Directed by Woody Allen. Starring Joaquin Phoenix, Emma Stone, Parker Posey, Jamie Blackley, Susan Pourfar, Ben Rosenfield.

THE PLOT: A self-confessed “extremist”, nihilistic – or is it just misanthropic? – philosophy professor Abe (Phoenix) waddles into Braylin College, long past any lust for life, despite his whisphered reputation for being something of a ladies man. It’s a whisper that gets fellow professor Rita (Posey) all hot and calling late at night with a bottle of Abe’s favourite single malt. But Abe has been impotent for over a year, and not even the besotted advances of practically-betrothed student Jill (Stone) can wake him from his sad slumber. It’s only when Abe and Jill overhear a bawling mother on the losing end of a fixed custody battle complain about a cruel judge that Abe suddenly finds a good reason to live. As he plots his own dose of justice, Abe’s lust for life, and for women, is firmly rekindled…

THE VERDICT: Playing like a mute Match Point, Woody is delves deeper into straight drama here, his lust for crimes and misdemeanours having produced some of his finest latter-day films. Then again, it’s hard to define what constitutes a latter-day film when it comes to Woody Allen, given that the little bugger is so darn prolific. One a year. Bejiggers, he makes Neil Young seem positively lackadaisical.

Some of the long-running obsessions remain, such as that old Pygmailion, tragi-comedy magic, with yet another jaded-verging-on-jaundiced professor turning one of his bright young mini-skirted things into a nymphomaniac with every swish of his corduroy hair. Here, at least, the older professor is played by someone under 95, with Allen surrogate Joacquin Phoenix no doubt still capable of lighting a few nerd chick fires, even with such a proud paunch. Stone fits the Allen muse role well, being another cute-as-a-button actress clearly keen to make smart-as-a-whip career choices. Posey is well-cast too. RATING: 4/5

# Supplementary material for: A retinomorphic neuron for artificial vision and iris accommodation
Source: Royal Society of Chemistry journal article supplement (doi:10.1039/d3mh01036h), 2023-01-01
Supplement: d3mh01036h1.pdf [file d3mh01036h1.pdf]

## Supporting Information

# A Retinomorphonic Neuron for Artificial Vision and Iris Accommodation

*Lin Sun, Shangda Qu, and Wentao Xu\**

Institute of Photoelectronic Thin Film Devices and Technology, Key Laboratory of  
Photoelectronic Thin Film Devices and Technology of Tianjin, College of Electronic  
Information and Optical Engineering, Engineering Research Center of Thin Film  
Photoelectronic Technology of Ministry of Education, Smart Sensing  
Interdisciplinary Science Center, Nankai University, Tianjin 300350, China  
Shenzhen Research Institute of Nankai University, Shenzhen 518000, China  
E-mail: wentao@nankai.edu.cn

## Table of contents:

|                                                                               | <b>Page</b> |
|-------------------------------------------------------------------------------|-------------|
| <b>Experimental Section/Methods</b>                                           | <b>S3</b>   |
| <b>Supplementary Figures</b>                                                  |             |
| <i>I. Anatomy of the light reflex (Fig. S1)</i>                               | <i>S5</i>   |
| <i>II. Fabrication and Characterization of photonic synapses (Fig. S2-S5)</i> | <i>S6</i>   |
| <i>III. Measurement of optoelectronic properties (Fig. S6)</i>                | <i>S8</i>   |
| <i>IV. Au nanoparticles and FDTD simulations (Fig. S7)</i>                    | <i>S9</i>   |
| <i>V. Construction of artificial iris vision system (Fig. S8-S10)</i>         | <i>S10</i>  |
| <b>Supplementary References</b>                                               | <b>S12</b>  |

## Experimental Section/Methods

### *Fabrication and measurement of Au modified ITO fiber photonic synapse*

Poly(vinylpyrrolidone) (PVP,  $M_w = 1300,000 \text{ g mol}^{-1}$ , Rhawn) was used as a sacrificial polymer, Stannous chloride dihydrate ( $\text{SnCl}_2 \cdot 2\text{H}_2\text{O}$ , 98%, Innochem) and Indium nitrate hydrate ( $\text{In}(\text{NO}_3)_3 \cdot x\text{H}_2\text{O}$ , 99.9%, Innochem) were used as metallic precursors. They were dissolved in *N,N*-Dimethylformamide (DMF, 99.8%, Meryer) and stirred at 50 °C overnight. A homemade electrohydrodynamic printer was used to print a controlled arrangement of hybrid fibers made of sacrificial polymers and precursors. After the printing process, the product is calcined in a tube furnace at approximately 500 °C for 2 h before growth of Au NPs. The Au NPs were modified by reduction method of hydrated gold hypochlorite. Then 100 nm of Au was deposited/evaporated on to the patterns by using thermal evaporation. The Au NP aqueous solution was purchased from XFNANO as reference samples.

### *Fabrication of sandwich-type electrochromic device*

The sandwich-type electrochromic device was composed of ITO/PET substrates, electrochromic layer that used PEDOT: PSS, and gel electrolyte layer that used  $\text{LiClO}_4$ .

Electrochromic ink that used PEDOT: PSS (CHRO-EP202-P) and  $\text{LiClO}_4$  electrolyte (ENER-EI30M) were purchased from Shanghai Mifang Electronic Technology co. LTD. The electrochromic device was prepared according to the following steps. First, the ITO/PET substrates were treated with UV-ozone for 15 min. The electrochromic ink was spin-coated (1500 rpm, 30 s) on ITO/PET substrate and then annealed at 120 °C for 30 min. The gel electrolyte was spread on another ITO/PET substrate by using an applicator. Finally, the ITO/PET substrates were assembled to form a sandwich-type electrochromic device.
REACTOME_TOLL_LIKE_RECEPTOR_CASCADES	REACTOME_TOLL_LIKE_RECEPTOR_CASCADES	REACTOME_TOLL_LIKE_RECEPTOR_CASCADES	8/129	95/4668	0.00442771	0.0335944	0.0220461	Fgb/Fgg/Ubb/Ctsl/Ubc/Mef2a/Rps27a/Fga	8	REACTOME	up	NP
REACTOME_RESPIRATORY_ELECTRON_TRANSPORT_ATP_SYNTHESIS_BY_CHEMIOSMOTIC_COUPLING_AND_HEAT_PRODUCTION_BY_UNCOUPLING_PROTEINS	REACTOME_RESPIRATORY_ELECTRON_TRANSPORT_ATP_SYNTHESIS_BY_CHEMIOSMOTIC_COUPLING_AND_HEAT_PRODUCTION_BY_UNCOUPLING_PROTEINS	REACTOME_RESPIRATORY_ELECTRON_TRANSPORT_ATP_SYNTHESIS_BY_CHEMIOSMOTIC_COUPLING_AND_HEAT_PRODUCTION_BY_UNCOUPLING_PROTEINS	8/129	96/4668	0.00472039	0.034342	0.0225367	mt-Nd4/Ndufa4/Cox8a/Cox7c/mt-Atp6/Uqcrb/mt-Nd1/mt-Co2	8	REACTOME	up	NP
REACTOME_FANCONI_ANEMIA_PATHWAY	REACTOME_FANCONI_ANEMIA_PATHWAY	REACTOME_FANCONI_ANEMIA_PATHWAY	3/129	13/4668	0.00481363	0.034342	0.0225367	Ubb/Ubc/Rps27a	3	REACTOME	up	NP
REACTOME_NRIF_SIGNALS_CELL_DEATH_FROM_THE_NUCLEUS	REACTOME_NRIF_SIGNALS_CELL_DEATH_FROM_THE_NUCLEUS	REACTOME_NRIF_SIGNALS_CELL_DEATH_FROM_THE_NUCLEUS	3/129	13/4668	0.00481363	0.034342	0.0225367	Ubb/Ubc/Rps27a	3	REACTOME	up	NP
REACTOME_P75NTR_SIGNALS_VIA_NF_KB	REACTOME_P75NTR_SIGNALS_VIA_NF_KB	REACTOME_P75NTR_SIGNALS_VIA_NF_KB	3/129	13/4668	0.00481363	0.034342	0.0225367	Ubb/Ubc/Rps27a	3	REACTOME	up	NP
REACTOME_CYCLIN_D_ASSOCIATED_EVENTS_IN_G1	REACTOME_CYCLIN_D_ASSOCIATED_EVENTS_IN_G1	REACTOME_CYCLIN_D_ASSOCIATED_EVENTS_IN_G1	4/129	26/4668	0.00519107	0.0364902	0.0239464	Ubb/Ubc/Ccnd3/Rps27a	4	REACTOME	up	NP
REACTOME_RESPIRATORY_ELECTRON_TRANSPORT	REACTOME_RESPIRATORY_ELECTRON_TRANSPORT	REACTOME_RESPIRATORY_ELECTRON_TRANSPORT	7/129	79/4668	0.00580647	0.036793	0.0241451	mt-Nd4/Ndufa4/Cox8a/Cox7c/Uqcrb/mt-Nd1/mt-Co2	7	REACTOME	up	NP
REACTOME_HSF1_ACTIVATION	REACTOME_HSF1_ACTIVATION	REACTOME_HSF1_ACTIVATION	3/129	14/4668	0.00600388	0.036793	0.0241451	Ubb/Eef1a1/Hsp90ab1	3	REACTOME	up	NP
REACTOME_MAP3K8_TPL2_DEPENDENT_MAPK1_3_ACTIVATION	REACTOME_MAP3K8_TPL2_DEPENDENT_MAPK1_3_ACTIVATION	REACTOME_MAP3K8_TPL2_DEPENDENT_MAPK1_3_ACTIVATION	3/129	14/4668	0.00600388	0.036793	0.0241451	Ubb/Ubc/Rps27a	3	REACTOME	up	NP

Review by Paul Byrne

4.0Overall Score
  • filmbuff2011

    There’s something warm and cosily familiar about a Woody Allen film. When those distinctive white titles on black start up, you know you’re in Allenland. It’s a good place to be. Irrational Man conforms to many of Allen’s directorial traits, but he still finds ways to surprise audiences. Abe (Joaquin Phoenix) has taken up a position as a philosophy professor in a new university. But something troubles him. He’s a philosophy professor in an existential crisis (ha-ha) and is looking for some purpose to drive his otherwise meaningless life. Having an affair with fellow lecturer Rita (Parker Posey) doesn’t seem to be helping. That’s where enthusiastic student Jill (Emma Stone) comes in. Attending his classes, she finds him strangely attractive and wants to get to know the real Abe. But he resists, knowing that she has a boyfriend and student-lecturer relationships are frowned upon by the faculty. Overhearing a conversation in a diner with Jill, Abe hits upon the idea of committing pre-meditated murder: that of a judge who has treated a mother poorly in the courtroom. Is it just to kill a bad person who has done bad things? Just even thinking about it might bring him out of his malaise – or put him into an even deeper one… While it’s not quite classic Allen, in the sense of Annie Hall, Manhattan or Hannah And Her Sisters, Irrational Man is not far off from arguably his best film of the last decade – Match Point. The consequences of murder and how it changes people’s opinions and relationships is a key point here. But there’s a lighter touch here than Match Point or Crimes And Misdemeanors which makes it less effective when it comes to delivery. Phoenix is perfectly cast. His sad-sack face is ideal for one of Allen’s tortured geniuses. Stone, as ever, is delightful and makes her character a bit more rounded than she initially appears. The interplay between them is fun to watch, as we wonder if Jill will twig to what’s really happened to Abe. Familiar Allen tropes like the love of literature, the life of academia and the nature of fate round out the story. Turning 80 on 1st December, Allen shows no signs of slowing down. His consistency of making one film a year is admirable, like an old friend who comes to visit on an annual basis and leaves you waiting for the next visit. Fans of Allen’s work will know what to expect with Irrational Man. It’s a got a great, entirely appropriate, ending too. ***